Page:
Fortunately, despite the veil of mystery around it, we have made progress against diseases too. During the 20th century, we made impressive headway in figuring out how to neutralize several of the most relevant invaders — viruses and, especially, bacteria — that plagued humanity for centuries. These invaders caused the Black Death, which devastated 75-200 million people in just 10 years in the 1300s, and diseases like tuberculosis and pneumonia, that killed millions of people worldwide per outbreak. Ever since the invention of antibiotics, vaccines and sanitation these invaders are much less of a widepread problem.

July 2020 — For a nice overview on this topic, check out “Our history is a battle against the microbes: we lost terribly before science, public health, and vaccines allowed us to protect ourselves” by Our World in Data.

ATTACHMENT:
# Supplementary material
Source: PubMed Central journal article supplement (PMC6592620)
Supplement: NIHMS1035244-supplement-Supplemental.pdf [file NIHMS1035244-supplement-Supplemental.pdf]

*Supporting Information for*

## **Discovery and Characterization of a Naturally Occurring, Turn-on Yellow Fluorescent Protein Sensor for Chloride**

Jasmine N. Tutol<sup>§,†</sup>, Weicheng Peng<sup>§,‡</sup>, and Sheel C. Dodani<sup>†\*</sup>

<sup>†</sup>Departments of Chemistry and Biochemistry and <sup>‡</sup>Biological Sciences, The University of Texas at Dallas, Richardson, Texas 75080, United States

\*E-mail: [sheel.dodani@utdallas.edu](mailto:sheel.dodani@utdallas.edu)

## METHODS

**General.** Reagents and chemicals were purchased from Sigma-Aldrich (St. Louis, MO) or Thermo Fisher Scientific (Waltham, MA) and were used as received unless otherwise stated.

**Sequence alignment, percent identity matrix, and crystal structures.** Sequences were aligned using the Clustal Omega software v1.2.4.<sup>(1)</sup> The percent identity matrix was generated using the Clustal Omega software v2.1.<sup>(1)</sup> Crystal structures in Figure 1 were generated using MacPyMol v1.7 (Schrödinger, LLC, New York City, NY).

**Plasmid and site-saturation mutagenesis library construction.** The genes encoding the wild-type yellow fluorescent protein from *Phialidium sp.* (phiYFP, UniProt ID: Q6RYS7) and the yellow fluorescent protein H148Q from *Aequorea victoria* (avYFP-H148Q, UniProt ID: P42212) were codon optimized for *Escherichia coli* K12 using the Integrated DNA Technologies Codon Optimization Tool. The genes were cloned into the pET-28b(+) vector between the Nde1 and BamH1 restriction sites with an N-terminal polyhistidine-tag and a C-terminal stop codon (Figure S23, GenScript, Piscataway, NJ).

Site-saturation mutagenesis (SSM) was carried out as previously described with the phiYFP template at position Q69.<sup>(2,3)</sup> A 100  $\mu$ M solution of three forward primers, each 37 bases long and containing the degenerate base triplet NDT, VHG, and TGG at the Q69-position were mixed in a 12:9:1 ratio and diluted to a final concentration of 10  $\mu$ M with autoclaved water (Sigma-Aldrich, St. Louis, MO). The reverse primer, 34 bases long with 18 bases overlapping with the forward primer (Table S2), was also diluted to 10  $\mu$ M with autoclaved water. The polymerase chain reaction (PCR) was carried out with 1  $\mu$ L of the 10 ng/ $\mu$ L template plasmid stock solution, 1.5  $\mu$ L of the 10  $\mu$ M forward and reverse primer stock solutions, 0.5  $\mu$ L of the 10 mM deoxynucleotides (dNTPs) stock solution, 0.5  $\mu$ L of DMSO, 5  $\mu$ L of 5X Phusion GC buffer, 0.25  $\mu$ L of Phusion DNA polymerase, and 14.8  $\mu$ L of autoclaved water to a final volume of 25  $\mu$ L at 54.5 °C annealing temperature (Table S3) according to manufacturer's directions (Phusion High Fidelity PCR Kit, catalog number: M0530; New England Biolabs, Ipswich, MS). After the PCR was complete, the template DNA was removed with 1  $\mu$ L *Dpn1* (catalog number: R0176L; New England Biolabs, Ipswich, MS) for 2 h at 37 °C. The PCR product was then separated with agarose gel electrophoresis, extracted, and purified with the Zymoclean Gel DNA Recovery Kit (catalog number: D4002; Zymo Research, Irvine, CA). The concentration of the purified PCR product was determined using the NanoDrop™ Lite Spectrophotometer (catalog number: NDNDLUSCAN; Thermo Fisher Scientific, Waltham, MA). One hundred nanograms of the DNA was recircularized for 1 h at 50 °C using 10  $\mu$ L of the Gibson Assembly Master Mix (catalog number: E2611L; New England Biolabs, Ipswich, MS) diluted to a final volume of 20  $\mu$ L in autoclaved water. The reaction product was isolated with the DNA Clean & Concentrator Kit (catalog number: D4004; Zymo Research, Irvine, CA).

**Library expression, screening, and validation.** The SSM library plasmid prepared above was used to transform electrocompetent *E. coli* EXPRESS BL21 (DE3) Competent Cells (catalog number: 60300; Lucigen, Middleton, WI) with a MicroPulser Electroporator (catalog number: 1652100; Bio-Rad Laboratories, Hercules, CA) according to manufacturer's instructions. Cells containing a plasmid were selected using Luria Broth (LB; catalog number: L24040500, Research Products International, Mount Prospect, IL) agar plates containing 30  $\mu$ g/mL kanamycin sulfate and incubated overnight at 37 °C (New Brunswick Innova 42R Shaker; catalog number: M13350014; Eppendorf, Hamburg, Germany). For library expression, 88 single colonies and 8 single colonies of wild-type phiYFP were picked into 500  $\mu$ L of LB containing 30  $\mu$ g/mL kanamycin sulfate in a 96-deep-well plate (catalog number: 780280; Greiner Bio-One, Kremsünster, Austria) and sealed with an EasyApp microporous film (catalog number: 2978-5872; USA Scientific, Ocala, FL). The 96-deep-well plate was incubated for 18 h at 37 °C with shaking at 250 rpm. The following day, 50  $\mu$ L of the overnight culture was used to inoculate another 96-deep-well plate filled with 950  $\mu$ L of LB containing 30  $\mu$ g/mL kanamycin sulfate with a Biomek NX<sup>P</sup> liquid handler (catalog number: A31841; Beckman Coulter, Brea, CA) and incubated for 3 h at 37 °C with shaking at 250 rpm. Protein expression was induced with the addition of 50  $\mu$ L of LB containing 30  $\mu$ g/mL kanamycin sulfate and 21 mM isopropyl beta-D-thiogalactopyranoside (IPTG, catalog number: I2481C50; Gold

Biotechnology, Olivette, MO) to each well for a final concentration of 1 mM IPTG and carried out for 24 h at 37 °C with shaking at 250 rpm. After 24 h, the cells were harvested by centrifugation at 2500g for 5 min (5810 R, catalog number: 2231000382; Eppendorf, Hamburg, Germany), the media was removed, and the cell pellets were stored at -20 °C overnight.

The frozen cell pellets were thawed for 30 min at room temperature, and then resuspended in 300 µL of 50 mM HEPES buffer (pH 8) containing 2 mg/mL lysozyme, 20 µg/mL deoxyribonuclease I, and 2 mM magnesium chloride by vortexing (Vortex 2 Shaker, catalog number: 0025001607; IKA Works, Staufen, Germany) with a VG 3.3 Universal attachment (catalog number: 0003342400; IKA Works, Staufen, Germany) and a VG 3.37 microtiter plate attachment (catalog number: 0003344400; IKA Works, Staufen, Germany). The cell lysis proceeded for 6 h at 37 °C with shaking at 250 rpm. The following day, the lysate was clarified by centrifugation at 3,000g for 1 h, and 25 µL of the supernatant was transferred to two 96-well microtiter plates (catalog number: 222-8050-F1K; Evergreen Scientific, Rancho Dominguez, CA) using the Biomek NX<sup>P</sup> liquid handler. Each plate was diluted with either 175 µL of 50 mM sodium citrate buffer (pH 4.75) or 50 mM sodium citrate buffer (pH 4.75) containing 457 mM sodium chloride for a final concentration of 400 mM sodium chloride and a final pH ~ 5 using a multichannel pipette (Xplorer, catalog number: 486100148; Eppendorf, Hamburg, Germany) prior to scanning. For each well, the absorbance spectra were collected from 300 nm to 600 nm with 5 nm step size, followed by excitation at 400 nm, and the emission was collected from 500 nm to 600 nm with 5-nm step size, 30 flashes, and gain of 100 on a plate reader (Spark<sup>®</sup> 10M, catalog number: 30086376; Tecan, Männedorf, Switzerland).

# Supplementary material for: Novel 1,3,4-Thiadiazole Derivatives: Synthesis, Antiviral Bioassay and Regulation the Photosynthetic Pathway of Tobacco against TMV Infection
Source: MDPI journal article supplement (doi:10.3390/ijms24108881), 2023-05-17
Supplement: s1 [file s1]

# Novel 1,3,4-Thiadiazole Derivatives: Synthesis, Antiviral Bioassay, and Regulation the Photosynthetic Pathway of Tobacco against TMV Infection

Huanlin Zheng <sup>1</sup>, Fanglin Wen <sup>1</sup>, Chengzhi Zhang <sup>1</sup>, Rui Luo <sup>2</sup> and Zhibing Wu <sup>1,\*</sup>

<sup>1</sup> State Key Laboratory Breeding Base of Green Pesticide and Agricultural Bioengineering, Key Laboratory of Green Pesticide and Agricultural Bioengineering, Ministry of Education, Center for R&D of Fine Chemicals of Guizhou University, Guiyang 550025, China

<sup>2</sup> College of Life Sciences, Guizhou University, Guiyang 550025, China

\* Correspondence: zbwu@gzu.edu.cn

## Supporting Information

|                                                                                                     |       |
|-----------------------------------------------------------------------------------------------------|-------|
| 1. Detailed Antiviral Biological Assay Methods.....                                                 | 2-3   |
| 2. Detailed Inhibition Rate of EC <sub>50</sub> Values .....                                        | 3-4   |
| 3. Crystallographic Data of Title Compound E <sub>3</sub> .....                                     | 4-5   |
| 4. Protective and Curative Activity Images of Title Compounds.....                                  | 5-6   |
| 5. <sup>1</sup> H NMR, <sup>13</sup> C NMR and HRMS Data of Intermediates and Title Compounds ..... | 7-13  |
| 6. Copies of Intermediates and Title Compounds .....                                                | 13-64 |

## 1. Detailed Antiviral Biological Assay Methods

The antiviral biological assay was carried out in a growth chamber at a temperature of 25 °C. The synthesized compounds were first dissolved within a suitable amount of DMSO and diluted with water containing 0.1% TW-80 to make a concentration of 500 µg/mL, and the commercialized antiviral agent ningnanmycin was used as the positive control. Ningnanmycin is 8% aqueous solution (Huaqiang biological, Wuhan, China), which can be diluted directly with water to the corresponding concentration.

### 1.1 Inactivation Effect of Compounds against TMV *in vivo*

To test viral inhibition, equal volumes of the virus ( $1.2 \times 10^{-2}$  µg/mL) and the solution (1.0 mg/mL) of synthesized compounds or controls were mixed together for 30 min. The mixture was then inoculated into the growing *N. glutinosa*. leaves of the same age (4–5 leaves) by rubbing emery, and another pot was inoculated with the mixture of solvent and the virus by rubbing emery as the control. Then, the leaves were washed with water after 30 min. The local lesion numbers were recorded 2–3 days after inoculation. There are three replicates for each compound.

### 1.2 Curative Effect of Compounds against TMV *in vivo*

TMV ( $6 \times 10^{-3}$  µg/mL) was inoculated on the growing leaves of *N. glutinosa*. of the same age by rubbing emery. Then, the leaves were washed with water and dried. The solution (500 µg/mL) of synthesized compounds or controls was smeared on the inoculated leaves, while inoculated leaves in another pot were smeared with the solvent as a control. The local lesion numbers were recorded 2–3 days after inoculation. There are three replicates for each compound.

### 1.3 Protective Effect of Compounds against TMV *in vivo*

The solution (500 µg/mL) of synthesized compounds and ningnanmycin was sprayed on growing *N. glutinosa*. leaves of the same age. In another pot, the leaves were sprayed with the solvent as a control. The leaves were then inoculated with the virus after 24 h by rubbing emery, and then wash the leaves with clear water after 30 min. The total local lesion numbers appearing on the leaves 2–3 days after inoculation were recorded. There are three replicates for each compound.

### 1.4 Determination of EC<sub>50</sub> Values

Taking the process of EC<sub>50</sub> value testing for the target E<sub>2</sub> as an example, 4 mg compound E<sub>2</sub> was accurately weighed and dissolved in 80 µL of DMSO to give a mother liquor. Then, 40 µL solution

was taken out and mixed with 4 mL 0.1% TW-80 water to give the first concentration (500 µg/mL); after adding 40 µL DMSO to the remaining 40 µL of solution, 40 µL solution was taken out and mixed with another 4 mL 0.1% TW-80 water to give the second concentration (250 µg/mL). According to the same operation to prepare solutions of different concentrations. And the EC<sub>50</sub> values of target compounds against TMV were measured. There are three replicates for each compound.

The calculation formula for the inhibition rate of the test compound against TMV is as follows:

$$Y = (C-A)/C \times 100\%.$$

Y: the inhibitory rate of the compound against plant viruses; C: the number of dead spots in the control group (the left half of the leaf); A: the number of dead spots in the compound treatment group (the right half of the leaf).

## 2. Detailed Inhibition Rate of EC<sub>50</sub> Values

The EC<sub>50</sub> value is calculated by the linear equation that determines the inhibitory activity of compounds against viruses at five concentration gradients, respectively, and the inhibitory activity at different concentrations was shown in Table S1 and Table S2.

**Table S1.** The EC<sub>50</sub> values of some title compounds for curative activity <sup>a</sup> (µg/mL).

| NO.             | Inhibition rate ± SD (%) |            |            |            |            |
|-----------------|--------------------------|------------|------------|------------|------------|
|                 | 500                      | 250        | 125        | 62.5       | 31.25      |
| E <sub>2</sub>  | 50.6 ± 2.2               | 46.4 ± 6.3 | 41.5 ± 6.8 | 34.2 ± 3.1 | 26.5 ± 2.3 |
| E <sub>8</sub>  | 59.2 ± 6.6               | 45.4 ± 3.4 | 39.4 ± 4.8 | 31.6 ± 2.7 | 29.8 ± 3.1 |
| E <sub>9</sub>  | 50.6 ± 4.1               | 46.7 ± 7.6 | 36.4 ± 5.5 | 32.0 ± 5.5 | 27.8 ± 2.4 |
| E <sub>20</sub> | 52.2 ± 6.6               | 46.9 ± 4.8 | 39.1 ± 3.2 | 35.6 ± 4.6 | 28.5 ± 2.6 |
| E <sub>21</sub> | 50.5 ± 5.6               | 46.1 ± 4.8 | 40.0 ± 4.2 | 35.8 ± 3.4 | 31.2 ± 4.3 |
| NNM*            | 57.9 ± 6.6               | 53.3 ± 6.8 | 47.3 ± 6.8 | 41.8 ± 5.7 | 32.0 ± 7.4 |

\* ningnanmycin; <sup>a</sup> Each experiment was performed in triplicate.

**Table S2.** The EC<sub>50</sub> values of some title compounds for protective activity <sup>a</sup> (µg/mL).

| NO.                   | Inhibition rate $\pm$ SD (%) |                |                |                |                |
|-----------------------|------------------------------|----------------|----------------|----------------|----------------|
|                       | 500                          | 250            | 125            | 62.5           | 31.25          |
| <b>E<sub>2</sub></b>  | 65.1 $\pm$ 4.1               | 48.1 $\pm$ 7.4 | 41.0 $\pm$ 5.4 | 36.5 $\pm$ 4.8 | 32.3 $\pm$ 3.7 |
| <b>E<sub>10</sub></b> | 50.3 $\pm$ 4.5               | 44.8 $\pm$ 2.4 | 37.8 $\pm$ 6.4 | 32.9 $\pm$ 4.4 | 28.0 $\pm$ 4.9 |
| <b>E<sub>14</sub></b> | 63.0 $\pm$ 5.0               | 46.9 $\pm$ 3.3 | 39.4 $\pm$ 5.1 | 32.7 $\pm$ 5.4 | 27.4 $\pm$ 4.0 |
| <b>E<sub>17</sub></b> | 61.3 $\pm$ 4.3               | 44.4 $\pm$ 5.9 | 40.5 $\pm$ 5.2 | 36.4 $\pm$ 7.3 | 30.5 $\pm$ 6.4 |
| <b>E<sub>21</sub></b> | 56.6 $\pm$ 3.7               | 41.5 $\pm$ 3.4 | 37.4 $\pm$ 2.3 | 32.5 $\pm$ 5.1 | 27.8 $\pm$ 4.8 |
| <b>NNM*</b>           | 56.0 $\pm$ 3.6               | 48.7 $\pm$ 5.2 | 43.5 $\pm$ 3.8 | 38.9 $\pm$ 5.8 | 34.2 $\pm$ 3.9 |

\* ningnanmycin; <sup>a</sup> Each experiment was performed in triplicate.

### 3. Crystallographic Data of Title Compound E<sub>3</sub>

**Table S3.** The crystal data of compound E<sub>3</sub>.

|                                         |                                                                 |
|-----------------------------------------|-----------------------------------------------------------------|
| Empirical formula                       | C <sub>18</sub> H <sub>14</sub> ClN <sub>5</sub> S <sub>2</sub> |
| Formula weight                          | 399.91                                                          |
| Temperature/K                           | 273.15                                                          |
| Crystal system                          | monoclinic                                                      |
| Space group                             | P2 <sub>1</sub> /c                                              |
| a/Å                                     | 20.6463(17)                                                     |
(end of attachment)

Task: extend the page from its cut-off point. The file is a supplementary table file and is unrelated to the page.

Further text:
A human imperative push us forward

Today most people assume that death is inevitable and unavoidable. An assumption that is very reasonable given the fact that, up until now, every single human have died before their 123rd birthday.

Nevertheless, I can’t help but look at our progress and extrapolate that in the future we will develop reliable solutions to the diseases we currently face. As a result, billions of people will have the opportunity to live much longer, healthier lives.

For one thing, we are guaranteed to keep trying. There is some sort of human imperative to reduce suffering that push us to come up with solutions. Very few things cause more suffering than disease and death after all.

Short epilogue